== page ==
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Volunteering in Nepal

Rose Bartels, BA Design student, received funding to volunteer at a school in Kathmandu, Nepal.

For my placement I travelled to Kathmandu, Nepal, to stay at the Nawa Asha Griha (NAG) School. I found the placement because this school is twinned with a school in Switzerland where a family friend works. This friend had visited Nepal on several occasions and recommended my sister and myself to the headmistress as potential volunteers for the school.

The view from our accommodation

Both my sister and I studied art subjects at university; therefore, it was suggested we would volunteer in the art department while at NAG. The school has 400 pupils, half of which live onsite full time and range in age from around 4 up to 18 years old. Previously I had a little bit of experience working with children, such as helping to run art workshops, but I had not worked with children in this capacity or on this scale before. Working with the kids was the biggest highlight for me and has helped me realise this is something I would like to pursue as a career.

It sounds cliché to say a trip abroad has changed your life, but the experience I gained in Nepal has helped me to get more work, in tutoring and nannying. And this helped me decide I would like to gain a TEFL qualification in order to teach English as a second language abroad for the foreseeable future.

My favourite moment was painting a mural to go in the children’s playhouse. Everyone, staff and students, wanted to get involved and it was lovely to see the kids’ reactions to what they had helped create and how it sparked their imaginations for play.

Painting the mural



I found the laid-back Nepalese culture quite different from the more structured days I was used to in the UK, especially the pace of living in London. Of course, we had a schedule for class times, but the start of the day, the times we ate and the activities we would do outside the classroom were usually decided a few hours before they happened. Everything was flexible and nothing seemed regimented. For me this was an interesting approach to life in general, but especially within a school environment.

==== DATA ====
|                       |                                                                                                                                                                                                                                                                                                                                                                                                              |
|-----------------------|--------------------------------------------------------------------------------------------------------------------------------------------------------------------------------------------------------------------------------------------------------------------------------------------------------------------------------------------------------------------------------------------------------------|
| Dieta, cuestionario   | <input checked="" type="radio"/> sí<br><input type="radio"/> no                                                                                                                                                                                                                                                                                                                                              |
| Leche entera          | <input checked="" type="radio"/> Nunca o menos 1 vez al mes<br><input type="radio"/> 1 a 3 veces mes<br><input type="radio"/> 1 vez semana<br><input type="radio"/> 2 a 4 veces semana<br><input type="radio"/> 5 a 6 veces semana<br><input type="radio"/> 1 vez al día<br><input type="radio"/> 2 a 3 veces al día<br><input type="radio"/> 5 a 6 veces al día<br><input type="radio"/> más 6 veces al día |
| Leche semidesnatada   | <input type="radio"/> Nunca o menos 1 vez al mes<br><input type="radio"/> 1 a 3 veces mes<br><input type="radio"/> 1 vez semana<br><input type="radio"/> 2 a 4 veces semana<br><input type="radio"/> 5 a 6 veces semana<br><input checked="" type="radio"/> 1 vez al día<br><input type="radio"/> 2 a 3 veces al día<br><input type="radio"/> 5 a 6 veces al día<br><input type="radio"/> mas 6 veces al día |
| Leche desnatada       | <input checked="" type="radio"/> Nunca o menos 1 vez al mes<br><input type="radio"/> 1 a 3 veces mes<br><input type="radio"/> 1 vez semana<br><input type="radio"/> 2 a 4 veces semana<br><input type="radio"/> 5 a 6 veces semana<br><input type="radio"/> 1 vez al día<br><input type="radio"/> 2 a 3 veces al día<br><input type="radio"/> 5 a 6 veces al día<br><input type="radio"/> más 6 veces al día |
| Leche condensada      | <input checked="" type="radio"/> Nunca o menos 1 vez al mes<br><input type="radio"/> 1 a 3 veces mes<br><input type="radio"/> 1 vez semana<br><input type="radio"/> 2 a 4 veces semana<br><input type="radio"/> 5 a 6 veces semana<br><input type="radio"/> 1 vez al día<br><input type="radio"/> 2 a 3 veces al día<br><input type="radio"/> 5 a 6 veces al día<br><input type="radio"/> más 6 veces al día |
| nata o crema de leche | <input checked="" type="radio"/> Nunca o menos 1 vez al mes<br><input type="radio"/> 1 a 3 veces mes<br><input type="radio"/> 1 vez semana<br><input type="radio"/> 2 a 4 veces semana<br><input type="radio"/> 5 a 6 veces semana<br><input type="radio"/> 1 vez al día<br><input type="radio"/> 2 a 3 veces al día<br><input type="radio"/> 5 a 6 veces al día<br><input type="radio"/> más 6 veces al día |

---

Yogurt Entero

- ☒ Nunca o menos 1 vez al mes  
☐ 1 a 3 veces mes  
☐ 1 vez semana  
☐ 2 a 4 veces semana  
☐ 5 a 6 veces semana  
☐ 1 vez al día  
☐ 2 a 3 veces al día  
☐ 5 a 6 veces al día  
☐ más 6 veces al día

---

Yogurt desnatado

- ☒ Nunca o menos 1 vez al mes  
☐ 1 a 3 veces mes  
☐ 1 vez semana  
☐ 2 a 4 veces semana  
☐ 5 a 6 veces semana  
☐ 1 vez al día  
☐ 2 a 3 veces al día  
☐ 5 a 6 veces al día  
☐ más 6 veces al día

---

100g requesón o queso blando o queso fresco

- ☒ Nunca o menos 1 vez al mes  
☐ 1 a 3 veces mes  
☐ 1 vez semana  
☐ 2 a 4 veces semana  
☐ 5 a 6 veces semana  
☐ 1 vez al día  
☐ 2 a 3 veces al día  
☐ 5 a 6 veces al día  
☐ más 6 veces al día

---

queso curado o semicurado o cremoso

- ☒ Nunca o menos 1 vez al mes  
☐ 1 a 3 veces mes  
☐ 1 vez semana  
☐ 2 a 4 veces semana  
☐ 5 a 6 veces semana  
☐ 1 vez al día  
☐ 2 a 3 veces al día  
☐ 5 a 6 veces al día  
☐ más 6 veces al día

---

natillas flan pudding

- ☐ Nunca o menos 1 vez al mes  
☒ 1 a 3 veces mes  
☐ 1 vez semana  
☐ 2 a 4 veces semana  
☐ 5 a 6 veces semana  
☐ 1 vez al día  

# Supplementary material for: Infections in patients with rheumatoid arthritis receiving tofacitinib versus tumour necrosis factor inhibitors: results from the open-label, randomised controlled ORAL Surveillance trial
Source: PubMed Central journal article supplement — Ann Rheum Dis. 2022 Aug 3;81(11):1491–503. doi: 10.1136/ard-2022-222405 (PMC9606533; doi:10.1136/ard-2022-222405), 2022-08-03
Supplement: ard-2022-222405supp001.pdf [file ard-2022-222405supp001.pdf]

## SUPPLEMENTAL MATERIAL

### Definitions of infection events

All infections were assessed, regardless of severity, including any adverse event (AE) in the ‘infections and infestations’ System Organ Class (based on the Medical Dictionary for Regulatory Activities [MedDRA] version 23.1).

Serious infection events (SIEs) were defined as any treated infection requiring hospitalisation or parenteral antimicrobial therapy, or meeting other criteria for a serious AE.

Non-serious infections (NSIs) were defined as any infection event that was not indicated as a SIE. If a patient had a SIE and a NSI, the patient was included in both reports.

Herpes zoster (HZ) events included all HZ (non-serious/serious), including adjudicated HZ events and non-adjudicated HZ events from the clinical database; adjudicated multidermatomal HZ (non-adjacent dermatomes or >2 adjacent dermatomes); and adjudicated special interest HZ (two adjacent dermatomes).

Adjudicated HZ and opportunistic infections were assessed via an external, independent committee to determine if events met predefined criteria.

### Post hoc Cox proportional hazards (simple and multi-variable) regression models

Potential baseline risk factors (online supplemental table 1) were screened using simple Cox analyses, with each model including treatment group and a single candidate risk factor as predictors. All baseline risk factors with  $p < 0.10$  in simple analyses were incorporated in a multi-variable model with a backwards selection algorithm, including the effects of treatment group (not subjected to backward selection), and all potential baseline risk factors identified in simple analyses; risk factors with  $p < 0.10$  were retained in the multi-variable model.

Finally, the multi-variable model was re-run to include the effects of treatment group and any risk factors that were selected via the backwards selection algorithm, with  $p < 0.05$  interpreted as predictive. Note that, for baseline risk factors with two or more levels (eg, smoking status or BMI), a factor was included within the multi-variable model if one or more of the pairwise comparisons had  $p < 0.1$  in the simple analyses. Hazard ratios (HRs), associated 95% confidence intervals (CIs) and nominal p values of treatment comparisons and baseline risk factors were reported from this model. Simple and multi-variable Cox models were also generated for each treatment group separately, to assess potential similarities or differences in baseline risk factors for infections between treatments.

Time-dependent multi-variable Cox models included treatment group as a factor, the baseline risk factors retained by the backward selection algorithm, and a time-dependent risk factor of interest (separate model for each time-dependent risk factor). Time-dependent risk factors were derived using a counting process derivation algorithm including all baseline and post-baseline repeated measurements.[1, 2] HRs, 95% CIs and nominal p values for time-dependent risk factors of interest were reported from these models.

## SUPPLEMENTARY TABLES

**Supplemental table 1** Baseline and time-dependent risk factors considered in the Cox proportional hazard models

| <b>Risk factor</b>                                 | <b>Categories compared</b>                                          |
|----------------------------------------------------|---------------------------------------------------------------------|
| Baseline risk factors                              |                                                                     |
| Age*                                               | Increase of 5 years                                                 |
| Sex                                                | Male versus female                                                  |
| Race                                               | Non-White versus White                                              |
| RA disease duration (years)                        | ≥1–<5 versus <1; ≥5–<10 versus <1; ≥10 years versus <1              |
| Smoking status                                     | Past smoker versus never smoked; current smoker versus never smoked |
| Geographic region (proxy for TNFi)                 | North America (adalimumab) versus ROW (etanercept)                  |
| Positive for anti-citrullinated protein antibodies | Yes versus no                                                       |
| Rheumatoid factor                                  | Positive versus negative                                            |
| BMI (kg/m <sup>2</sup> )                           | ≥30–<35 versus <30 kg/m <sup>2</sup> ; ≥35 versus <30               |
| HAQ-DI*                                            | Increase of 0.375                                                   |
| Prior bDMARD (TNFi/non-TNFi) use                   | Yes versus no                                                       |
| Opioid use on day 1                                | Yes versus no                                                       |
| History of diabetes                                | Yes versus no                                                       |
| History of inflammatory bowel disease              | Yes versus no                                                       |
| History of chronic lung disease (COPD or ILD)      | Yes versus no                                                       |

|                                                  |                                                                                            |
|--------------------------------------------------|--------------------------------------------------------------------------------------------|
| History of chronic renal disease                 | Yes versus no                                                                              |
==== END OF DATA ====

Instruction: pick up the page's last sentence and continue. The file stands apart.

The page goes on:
Typical NAG breakfast of momos (left) and dhal bhat (right)

The biggest challenge was probably only being at the school for 2 weeks. I felt limited with what I could achieve in this time, as well as getting to know the staff and students. However, this did solidify my desire to return to NAG for a longer period and build on the relationships I started to form in the summer.

I was also shocked by the commonness of earthquakes while staying in Kathmandu. We experienced 2 small earthquakes in the 2 weeks we were there. As someone who has lived in Europe my whole life, earthquakes have never been a threat, but in Nepal taking precautions and safety measures in case of earthquakes is part of everyday life.


My main tip for finding a placement abroad and securing funding from Goldsmiths is to be organised. Keep all your forms and correspondence in one place and apply early as the communication between you and the host organisation will take a long time. You should also research the kind of Visa you will need thoroughly, and make sure it’s sorted before you travel.